With casualties in the long-running conflict in the Democratic Republic of Congo (DRC) now surpassing every conflict since World War II, U.S. policymakers and advocates are stepping up campaigns to raise awareness and push legislation aimed at encouraging new negotiations, assisting in government reforms, and pressuring the neighbouring countries that have propped up the DRC’s government.
At the age of 20, Damián Valencia speaks knowledgeably about every aspect of gender equality. He is a member of Cascos Rosa, a young people's initiative working for cultural change against machismo and violence against women in Ecuador.
Latin American states are still failing to provide guarantees for women's educational, sexual and reproductive rights, according to activists from different regions of the world meeting in the Mexican capital.
The Maasai tribe of Kenya and Tanzania has long been a beacon of traditional culture to many Africans - and for Westerners on safari through Maasai Mara, Samburu or Amboseli, a familiar face.
Harsh police handling of public protests erupting across India over a spate of sensational rapes since December has resulted in renewed demands to reform a force that retains the repressive features of its colonial origins.
The U.S. Department of Defence is announcing that reported cases of sexual assault in the U.S. military last year rose again to 3,374, a six percent increase over 2011 and a record high.
Nyaradzayi Gumbonzvanda, a human rights lawyer and the general secretary of the global rights network World YWCA, knows what it is like to struggle against poverty and violence: she herself comes from a poor family in Magaya village in Murewa district, which lies northeast of Zimbabwe’s capital Harare.
Rendered the nowhere people in their own homeland, thousands of Rohingya Muslims in Myanmar are fleeing inhuman living conditions, lack of humanitarian aid and rising sectarian tensions in their country. And the very state that is supposed to protect them now stands accused of ‘ethnic cleansing’.
The face of migration is changing dramatically as women and girls now represent about half of the over 214 million migrants worldwide.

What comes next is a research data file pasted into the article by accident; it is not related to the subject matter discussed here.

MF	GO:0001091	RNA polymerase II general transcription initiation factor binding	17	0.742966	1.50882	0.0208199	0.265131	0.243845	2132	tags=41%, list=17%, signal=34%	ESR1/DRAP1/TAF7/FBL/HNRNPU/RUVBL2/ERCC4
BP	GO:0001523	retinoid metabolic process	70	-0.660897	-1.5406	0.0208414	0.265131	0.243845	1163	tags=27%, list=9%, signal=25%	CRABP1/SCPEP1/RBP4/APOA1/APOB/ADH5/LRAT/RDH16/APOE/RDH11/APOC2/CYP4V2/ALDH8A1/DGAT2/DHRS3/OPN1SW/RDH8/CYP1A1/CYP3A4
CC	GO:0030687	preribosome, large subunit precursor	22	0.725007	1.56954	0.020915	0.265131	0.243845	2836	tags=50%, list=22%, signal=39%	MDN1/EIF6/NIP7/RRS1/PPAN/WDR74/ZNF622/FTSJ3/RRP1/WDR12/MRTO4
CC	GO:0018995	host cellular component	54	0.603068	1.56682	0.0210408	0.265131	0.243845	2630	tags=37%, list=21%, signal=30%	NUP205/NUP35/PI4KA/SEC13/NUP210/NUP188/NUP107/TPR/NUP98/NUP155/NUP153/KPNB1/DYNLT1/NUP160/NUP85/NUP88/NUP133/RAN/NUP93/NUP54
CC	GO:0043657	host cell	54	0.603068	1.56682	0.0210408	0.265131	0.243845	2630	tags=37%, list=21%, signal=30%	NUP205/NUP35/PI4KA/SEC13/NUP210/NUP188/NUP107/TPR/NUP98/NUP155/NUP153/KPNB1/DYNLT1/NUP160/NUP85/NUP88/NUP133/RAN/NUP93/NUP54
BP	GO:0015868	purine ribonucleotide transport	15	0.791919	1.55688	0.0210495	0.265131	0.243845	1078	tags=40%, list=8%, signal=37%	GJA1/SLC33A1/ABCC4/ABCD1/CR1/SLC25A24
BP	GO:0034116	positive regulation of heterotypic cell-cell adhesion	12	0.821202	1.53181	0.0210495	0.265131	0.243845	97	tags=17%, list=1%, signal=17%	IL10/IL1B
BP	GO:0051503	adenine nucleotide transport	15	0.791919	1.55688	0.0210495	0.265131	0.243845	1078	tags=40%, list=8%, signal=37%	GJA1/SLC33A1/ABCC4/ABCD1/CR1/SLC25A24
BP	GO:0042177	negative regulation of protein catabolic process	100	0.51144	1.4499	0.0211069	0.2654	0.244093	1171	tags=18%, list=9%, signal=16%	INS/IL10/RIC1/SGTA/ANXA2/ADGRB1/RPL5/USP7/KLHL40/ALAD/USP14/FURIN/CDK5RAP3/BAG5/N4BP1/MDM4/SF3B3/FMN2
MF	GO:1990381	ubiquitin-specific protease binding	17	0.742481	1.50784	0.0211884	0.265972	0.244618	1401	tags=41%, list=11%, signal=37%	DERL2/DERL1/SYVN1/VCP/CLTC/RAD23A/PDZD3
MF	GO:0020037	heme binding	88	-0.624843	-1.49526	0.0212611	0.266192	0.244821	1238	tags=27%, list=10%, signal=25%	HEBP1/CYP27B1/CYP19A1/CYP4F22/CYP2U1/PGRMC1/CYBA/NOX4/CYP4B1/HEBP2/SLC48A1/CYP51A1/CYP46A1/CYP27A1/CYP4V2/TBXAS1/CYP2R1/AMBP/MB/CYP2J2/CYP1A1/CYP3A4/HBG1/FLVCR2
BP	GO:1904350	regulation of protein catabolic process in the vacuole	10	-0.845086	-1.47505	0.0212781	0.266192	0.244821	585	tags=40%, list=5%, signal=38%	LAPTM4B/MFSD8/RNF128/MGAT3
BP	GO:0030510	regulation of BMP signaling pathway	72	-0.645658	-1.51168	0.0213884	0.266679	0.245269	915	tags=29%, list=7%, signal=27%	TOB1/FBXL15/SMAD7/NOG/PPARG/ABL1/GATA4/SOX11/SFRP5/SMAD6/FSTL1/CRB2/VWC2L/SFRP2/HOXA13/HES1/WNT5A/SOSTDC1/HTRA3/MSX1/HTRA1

After ten years of working towards peace and reconciliation in the Solomon Islands in the South Pacific, following a five-year civil conflict known as the ‘Tensions’ (1998-2003) which left 30,000 people displaced and hundreds unaccounted for, people now go about their daily lives in improved freedom and personal security. But below the surface, untreated post-conflict trauma continues to impact many individuals and communities.
Ishita Chaudhry spent the past 36 hours listening to U.N. delegates discuss population growth and development. She noticed that on “controversial” topics, such as sexual and reproductive rights, young people’s voices often get lost.
Up to a quarter of women in Europe have experienced domestic violence at some point in their lives, according to the Council of Europe. But despite the widespread nature of the phenomenon, more often than not we ignore it. A short video launched last month in Serbia managed to break this silence.
It’s no wonder that Egypt has floundered in its efforts to create a more democratic system from the ruins of the Mubarak regime.
It is as if they have given up hope of ever seeing their girls again. They are an Adivasi family from a remote village in Assam state in India, nestled in the Himalayan foothills. The picturesque surroundings belie the hollowness they feel within.
Development experts here are warning that widespread, unchecked violence against citizens in Latin America is posing a threat to the development of the entire region.